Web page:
How to Factor Inflation and Life Expectancy in Retirement Planning

Older couple looking at financial paperwork with an expert adviser.
Photo: Jamie Grill / Getty Images

Retirement planning involves looking into the future to figure out how much money you should save today. You also have to account for future inflation and your life expectancy. No one truly knows what inflation will be or how long they'll need their money to last. But you'll want to make the best estimate you can.

You can take certain retirement planning steps to help you plan as accurately as possible.

Key Takeaways

  • It's best to think about both best-case and worst-case scenarios with the help of an online retirement calculator.
  • Use the real rate of return in your planning. This is what you'll receive after the impact of factors such as inflation and taxes.
  • It can help to redo and update your best-case and worst-case scenarios every few years because so many variables are involved.

Run Best- and Worst-Case Examples

Certain factors such as your rate of return on investments, your life expectancy, inflation, and your willingness to spend your principal will all have a giant impact on the amount of money you'll need to retire.

Develop best-case and worst-case examples to show the impact of these factors. The answers can be arrived at using spreadsheets and retirement planning software. An online retirement income calculator can help you run an analysis as well.

Inflation and Life Expectancy

Inflation is the measurement of what a dollar will buy at any given time. It's most often spoken about as it relates to the Consumer Price Index (CPI). The CPI is based on a standard basket of goods that economists decide nearly all people will need and must buy.


Inflation tends to run between 1.5% and 4% each year. Your dollar does not buy as much when inflation is high.

Life expectancy is the average number of years a person will live. Many factors are used to determine this number, including the area of the world in which you live and your socioeconomic level. The global life expectancy at birth for the entire population is 72.81 years, according to United Nations data.

A Best-Case Example

Let's assume that you need $50,000 per year to spend above and beyond your guaranteed sources of income. These sources would include funds from Social Security and Guaranteed Retirement Accounts (GRAs). The remaining best-case assumptions are a 2% inflation rate, 25-year life expectancy, a 7% inflation-adjusted return on investments, and a willingness to spend your principal down to nothing.

The software tells us that you will need almost $585,000 to provide this $50,000 per year of inflation-adjusted income for 25 years. An inflation-adjusted return, also known as the "real rate of return," removes the effect of inflation, taxes, and other expenses. It gives you an idea of what the return would be without the impact of external forces.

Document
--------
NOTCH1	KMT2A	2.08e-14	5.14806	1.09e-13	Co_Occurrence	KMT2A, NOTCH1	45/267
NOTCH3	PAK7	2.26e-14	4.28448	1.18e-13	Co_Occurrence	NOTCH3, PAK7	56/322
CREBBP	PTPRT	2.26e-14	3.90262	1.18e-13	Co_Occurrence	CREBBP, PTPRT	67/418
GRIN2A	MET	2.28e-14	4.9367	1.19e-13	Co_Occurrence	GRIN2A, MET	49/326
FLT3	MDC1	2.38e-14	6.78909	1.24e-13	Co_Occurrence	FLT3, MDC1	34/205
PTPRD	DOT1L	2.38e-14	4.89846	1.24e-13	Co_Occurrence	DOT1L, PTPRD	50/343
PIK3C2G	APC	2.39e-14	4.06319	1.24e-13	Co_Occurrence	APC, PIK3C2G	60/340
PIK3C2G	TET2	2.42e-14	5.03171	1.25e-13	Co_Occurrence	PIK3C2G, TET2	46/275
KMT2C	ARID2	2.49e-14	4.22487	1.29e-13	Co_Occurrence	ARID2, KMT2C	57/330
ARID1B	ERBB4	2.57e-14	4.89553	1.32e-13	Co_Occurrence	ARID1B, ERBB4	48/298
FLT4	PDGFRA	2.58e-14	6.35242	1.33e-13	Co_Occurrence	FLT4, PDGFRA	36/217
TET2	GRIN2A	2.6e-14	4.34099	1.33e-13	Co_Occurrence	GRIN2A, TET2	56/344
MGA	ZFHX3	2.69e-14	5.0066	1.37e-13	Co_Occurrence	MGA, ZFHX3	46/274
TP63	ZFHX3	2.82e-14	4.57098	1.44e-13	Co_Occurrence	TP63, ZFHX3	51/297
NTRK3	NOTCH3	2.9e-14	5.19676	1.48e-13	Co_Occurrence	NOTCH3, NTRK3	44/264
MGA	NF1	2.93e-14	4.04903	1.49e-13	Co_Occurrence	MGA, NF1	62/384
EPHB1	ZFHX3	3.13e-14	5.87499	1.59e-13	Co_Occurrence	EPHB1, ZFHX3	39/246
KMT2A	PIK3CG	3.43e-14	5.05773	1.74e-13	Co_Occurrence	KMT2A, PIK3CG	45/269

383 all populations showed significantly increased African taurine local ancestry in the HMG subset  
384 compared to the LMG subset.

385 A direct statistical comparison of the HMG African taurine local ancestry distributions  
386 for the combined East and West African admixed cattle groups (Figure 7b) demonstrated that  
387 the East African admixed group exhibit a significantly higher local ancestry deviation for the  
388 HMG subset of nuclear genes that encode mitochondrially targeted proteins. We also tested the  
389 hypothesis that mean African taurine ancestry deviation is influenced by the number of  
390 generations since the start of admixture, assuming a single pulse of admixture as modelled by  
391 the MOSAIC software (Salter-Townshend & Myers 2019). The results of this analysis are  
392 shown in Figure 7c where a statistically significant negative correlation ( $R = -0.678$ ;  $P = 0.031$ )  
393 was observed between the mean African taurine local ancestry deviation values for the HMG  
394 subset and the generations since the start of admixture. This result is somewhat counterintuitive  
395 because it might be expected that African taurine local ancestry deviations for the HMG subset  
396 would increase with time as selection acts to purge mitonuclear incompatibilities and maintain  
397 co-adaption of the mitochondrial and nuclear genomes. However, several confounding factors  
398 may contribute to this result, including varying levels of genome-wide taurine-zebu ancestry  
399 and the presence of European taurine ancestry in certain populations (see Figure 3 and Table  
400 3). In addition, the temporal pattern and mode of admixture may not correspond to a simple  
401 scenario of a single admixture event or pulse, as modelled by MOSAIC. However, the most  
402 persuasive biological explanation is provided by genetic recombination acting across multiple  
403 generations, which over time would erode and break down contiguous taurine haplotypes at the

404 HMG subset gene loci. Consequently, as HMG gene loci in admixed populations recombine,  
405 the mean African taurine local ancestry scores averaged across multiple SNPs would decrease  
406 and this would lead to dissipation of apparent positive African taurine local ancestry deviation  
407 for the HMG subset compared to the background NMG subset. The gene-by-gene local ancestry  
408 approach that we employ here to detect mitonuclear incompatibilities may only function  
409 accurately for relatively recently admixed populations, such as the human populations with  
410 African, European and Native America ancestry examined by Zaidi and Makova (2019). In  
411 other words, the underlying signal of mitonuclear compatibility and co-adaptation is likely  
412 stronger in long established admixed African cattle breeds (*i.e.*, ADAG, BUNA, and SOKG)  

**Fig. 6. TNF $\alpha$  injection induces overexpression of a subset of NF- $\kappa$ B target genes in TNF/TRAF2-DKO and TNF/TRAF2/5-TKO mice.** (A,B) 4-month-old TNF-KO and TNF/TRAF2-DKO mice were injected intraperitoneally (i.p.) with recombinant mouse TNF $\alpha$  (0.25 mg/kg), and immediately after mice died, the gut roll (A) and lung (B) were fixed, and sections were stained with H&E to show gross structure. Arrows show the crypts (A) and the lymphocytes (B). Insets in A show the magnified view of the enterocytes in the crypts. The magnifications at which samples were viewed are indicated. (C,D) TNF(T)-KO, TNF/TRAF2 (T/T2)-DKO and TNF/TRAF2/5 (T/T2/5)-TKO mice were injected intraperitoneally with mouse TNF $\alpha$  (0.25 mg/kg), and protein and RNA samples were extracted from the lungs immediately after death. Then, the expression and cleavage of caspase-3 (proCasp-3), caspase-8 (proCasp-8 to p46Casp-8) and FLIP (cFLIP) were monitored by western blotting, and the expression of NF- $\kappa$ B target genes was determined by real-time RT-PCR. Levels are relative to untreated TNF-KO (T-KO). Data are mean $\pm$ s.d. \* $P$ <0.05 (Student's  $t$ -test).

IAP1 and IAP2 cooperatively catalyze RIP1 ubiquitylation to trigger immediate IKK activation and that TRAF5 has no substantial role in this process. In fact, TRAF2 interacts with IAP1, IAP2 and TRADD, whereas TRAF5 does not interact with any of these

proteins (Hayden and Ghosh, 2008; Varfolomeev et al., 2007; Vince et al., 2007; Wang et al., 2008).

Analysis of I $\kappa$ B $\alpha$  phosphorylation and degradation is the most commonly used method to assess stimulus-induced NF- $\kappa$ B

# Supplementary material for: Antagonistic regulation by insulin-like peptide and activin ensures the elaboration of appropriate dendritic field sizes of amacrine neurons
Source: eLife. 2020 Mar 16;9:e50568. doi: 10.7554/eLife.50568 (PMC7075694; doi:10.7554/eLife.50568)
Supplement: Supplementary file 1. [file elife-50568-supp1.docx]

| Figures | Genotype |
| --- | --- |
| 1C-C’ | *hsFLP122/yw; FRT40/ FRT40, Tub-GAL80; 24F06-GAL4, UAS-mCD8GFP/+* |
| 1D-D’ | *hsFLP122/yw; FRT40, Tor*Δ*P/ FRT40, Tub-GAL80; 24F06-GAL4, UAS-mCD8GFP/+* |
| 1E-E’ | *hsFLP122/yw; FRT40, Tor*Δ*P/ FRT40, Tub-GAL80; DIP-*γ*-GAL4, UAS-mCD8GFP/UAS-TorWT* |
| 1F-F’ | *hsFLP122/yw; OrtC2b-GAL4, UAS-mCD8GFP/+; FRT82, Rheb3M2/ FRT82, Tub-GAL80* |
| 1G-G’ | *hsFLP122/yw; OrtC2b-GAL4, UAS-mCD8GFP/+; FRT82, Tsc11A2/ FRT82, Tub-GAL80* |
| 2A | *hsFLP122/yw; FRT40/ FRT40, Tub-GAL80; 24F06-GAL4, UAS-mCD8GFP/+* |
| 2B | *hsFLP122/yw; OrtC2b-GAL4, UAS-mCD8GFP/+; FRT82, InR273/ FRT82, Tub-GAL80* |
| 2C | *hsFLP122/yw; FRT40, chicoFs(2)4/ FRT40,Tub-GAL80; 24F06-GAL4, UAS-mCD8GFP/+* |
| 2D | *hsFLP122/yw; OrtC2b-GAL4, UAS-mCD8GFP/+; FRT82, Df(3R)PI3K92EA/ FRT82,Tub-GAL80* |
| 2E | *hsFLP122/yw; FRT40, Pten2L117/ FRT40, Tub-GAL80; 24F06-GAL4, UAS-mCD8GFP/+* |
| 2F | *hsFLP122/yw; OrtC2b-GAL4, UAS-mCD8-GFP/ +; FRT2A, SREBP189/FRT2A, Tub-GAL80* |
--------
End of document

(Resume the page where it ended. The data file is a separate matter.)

A Worst-Case Example

Again, let's assume that you need $50,000 per year above and beyond your guaranteed sources of income. The remaining worst-case assumptions are a 4% inflation rate, 35-year life expectancy, a 5% inflation-adjusted return on investments, and you want to retain $700,000 of principal to pass on to your heirs.

Now the software says that you will need nearly $950,000 to provide that same $50,000 per year of inflation-adjusted income for 35 years. Another big factor here is that you do not plan to spend your retirement funds down to zero. But this lets you pass what remains on to your beneficiaries.


A 35-year life expectancy isn't a bad thing. But it means a longer period of time for which you'll need to rely on your retirement money. Your savings are more likely to be stretched thin.

How Much Money Will You Need to Retire?

Retirement planning is not an exact science when you're trying to pin down how much you'll need in your total retirement savings. The answer in these examples is somewhere between $585,000 and $950,000. But you may need even more if life throws circumstances at you that are worse than the worst-case scenario.

You don't know what inflation will be when you retire, what your rate of return will be, or how long you'll live. You can't come up with an exact answer. The next best thing is to come up with a reasonable set of assumptions and make sure you re-evaluate every few years.

You may want to seek the help of a qualified retirement planner and do your own research to help nail down the right assumptions to use. You'll also want to factor in tax consequences.

Was this page helpful?
The Balance uses only high-quality sources, including peer-reviewed studies, to support the facts within our articles. Read our editorial process to learn more about how we fact-check and keep our content accurate, reliable, and trustworthy.
  1. U.S. Bureau of Labor Statistics. "Consumer Price Index."

  2. MacroTrends. "World Life Expectancy 1950-2021."

Related Articles